Thursday, January 13, 2011

America: A Family Affair

We hope that you saw and heard the President's speech at the memorial service in Tucson last night.

Like most people, we each took our own meanings from the speech as a whole, and its separate parts. Together, though, we think there was a message that too many Americans seem to be missing, one that we've already hit on this week.

The President reminded us that we are all Americans, who all want many of the same things. Whether we are old or young, rich or poor, whatever our backgrounds, faith, or family history, we all want to find happiness, meaning, and peace in life. We are all part of that extended family that is America.

Like a family, there will be times we don't like each other, that we want to strike out at each other in anger. But - as the President noted last night, and as we said earlier in the week - we are better than that. We can be better, and we SHOULD be better.

"Being better" does not mean that we simply allow those who are wrong, or choose to do wrong, to get away with doing and saying what they should not. Hypocrites, the hubristic, the reckless, the greedy; all of these and more are people who choose to do wrong, and speak incorrectly, who choose to benefit themselves at the expense of others, in ways that are often cruel and needless... their behavior should not be ignored.

Like family, we are bound to one another as Americans - even those of us who make bad choices. Striking out at our family members in anger to attempt to get them to change their behavior is in itself, a poor choice. Hitting back is also unacceptable. As the President also said Wednesday night, "How we treat one another is entirely up to us."

So what do we do, when we fundamentally disagree about topics and challenges that are important to us as a nation? When we disagree, at our core, about the choices our fellow Americans are making - in how they speak, how they act, and how they choose to interact with us and others?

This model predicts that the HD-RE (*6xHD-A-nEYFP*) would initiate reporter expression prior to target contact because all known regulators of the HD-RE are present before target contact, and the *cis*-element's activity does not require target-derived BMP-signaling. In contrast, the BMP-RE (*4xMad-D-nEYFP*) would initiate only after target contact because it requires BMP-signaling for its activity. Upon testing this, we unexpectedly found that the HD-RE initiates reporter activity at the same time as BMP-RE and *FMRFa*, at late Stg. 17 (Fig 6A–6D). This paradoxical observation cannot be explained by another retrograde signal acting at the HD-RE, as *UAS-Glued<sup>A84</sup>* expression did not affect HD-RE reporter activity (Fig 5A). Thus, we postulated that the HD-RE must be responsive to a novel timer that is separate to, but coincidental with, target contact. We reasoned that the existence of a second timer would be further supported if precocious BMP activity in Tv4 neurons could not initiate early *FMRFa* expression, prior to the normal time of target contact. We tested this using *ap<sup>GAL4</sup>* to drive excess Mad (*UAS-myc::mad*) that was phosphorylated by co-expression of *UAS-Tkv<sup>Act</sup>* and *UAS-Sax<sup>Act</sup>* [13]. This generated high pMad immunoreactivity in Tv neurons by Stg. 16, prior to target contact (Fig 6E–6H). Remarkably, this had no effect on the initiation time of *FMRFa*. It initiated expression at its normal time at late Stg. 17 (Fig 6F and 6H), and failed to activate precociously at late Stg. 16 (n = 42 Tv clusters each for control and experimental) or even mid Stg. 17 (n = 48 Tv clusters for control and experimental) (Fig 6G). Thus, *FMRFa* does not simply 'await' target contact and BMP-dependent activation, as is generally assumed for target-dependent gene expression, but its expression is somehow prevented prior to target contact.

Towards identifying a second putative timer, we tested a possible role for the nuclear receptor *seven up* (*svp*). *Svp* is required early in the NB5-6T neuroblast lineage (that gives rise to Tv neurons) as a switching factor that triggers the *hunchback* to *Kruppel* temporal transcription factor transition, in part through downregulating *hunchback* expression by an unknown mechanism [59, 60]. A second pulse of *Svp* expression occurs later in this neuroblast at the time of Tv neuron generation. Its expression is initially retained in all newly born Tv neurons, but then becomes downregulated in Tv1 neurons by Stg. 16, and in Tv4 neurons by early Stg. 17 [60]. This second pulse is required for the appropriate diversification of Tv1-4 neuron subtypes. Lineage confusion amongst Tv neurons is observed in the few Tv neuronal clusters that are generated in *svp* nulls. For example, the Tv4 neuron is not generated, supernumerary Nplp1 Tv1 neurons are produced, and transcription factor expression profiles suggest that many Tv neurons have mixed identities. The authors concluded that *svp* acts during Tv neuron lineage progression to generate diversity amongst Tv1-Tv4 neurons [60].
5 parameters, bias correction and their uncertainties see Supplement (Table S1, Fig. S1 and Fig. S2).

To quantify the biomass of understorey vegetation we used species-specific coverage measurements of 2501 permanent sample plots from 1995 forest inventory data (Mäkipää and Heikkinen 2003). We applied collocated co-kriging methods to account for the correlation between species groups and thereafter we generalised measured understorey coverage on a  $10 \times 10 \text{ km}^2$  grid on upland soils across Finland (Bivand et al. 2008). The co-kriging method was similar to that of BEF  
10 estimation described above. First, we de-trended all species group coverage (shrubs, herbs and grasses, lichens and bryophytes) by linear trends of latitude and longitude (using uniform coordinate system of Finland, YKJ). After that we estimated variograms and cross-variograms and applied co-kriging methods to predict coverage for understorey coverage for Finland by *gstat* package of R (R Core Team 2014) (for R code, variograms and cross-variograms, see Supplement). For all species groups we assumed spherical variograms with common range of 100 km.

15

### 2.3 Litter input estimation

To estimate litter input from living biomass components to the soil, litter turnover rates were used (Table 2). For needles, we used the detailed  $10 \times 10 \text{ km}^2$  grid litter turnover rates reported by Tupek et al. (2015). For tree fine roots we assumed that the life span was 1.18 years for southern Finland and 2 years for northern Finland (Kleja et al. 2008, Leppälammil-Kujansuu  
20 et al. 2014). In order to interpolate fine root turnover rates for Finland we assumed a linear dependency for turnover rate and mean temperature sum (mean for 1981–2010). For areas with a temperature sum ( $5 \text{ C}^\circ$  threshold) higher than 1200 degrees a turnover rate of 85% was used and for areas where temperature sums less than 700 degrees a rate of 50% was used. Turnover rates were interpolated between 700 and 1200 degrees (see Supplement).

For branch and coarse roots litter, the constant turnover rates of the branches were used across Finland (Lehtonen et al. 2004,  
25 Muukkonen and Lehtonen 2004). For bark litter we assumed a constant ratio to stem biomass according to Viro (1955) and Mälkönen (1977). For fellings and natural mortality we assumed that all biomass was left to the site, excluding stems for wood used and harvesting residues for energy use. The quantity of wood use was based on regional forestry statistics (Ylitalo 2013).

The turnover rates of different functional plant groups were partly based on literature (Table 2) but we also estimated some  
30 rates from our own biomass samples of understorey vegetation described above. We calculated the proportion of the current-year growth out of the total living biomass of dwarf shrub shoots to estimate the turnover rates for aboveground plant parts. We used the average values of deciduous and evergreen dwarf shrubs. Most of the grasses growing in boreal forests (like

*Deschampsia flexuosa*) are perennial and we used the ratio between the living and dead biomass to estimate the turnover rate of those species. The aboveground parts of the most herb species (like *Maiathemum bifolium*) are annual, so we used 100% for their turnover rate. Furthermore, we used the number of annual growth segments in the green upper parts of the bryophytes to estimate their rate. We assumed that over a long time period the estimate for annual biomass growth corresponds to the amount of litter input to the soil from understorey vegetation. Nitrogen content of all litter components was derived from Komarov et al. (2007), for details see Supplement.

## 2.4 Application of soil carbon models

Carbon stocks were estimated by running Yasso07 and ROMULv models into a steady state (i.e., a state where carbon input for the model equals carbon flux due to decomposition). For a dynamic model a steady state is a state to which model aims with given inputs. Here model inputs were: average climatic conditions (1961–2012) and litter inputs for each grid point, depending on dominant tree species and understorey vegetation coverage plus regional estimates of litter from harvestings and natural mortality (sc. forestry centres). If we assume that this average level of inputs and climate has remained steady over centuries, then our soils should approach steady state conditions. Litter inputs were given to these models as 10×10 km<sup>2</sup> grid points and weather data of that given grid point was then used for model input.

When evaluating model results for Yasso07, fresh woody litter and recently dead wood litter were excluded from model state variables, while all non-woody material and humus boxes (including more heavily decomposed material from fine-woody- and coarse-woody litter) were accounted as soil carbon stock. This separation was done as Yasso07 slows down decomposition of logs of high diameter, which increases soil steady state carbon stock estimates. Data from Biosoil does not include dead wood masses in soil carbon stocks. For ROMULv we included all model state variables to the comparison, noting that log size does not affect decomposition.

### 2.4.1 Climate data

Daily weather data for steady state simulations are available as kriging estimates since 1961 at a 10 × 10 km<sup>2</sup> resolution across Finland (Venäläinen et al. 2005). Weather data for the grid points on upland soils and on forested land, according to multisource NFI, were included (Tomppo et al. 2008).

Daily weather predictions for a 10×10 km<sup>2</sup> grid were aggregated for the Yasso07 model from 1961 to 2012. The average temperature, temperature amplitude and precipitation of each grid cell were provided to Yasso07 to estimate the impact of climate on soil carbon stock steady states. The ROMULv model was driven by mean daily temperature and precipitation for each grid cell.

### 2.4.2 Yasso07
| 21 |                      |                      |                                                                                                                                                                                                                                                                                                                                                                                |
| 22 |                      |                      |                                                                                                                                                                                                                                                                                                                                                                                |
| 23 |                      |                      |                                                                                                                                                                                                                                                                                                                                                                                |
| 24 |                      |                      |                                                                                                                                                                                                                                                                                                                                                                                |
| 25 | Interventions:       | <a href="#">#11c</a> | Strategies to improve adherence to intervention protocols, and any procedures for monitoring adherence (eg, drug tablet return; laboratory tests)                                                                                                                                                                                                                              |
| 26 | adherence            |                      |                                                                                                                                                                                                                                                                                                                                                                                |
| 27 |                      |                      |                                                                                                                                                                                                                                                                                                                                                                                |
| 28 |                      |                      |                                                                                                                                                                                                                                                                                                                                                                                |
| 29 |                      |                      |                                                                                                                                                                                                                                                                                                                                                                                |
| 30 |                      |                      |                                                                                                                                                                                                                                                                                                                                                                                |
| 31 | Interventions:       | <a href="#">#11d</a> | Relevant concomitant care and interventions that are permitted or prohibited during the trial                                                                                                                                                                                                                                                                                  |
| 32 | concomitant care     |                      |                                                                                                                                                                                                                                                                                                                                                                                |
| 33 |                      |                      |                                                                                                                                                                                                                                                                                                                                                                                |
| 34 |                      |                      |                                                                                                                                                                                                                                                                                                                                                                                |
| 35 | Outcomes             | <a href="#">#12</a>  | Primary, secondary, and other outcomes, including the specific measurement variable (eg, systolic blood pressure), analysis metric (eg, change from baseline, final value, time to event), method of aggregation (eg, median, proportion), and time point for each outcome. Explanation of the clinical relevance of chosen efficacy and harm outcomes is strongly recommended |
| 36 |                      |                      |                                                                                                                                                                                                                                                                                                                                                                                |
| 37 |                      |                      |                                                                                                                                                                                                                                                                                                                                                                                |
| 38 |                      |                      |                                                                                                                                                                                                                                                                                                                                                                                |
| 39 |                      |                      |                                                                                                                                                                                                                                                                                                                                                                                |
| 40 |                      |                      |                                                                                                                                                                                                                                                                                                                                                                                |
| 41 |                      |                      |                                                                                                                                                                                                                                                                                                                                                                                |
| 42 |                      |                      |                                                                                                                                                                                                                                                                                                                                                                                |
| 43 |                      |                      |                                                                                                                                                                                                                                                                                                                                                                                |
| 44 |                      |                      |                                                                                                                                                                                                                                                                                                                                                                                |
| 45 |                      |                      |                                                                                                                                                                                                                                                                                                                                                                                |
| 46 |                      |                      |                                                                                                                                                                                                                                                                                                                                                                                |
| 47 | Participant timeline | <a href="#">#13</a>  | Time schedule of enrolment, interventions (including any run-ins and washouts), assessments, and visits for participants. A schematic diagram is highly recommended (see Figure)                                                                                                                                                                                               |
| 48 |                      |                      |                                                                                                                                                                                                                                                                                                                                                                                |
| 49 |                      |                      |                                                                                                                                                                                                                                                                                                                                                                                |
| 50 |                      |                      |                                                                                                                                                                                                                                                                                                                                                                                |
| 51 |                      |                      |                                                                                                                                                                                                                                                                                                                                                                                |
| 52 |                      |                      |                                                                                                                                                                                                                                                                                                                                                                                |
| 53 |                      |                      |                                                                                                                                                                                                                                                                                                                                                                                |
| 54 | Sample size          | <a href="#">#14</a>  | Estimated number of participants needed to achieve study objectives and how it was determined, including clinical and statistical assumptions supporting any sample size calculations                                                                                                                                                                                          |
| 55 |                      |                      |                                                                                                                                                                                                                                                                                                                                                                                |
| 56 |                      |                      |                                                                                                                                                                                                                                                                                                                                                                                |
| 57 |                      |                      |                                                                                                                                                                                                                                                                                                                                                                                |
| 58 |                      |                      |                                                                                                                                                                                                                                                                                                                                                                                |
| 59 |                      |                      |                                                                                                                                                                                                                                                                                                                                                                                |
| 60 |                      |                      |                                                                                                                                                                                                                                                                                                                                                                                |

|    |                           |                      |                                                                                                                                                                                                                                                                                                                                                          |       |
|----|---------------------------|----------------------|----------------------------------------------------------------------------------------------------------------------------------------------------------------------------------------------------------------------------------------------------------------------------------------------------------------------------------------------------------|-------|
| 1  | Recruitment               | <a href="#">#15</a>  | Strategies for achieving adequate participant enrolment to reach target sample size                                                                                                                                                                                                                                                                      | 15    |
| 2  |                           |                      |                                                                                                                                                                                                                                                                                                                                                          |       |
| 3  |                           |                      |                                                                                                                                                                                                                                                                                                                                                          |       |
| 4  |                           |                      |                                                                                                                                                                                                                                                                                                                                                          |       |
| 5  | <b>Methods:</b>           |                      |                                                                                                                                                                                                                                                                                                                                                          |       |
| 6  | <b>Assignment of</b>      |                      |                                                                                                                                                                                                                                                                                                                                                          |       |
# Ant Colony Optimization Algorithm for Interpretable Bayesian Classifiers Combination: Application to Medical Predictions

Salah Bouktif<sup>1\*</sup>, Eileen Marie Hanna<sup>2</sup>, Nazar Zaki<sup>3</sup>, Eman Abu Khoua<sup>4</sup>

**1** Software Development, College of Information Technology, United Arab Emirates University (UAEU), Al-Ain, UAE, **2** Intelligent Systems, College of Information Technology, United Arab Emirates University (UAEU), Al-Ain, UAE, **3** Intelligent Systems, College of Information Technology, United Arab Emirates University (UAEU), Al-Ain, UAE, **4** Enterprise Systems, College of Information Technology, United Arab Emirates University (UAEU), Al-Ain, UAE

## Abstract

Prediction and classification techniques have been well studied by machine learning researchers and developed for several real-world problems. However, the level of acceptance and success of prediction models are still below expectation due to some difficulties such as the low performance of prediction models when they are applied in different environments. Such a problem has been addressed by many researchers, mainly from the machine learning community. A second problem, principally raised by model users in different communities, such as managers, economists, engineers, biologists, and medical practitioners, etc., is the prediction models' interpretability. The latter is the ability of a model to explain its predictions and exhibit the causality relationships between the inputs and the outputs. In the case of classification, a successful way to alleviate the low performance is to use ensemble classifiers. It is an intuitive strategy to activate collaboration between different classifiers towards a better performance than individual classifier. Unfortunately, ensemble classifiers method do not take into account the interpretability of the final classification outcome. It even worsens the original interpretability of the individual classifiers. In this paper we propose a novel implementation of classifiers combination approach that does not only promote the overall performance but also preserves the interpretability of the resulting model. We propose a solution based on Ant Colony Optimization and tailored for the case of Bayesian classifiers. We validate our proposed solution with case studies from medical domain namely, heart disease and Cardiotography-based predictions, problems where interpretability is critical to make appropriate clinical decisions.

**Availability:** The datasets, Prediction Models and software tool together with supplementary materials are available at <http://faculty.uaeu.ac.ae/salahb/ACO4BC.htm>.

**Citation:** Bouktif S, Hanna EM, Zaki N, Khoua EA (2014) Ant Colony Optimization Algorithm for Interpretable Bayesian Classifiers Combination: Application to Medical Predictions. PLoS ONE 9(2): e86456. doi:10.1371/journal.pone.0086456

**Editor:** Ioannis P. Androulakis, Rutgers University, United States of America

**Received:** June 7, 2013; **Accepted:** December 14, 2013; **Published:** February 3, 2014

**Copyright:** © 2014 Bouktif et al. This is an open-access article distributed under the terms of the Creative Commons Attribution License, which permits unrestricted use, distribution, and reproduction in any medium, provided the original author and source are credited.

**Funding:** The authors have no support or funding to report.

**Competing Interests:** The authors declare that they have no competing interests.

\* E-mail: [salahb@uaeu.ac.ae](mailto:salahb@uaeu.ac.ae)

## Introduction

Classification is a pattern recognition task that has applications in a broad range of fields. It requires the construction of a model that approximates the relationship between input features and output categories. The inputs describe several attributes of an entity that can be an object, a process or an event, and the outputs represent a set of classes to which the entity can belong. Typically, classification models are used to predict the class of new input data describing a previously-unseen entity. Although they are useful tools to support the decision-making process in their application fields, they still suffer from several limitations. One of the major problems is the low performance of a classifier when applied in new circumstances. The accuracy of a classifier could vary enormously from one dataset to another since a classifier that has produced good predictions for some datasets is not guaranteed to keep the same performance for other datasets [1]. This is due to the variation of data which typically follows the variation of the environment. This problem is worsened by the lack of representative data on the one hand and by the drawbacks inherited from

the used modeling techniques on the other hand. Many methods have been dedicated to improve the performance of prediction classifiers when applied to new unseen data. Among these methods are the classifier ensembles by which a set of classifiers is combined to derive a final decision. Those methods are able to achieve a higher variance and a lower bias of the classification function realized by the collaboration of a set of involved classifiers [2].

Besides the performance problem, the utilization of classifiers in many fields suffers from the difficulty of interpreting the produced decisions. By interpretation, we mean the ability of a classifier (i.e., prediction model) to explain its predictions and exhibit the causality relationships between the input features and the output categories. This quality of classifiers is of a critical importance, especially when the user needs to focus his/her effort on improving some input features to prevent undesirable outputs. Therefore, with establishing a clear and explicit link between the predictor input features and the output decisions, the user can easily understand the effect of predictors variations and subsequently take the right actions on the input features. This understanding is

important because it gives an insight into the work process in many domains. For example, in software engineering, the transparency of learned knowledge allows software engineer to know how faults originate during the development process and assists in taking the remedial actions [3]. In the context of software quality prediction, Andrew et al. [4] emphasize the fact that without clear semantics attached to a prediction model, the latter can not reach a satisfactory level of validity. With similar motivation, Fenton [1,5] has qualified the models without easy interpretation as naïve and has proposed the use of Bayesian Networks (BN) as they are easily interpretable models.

The President had the answer last night: "Only a more civil and honest discourse can help us face up to the challenges of our nation."

We believe - all of us - what the President has said many times and repeated last night: that the forces that divide us are not as strong as those that unite us. We unanimously agreed with him when he said, "I want our democracy to be as good as Christina imagined it. I want America to be as good as she imagined it. All of us - we should do everything we can to make sure this country lives up to our children’s expectations."

Americans have faced many unique challenges over the last few years that we have never faced before. We have a feeling the next decade or two - or three or four - will present us with even more challenges of a similarly difficult nature.

Now is not the time to attack and bury our countrymen in rhetoric and hate - or attempt to one-up each other with poorly chosen words. When we've done wrong, we need to suck it up, and admit it - and then stop that behavior. When we've been right, we need to move on and leave gloating and smugness behind.

As President Obama noted last night, in times like these, "We can not turn on each other."

No matter how looney we may seem to one another, the truth is we are all part of the one and only American family.

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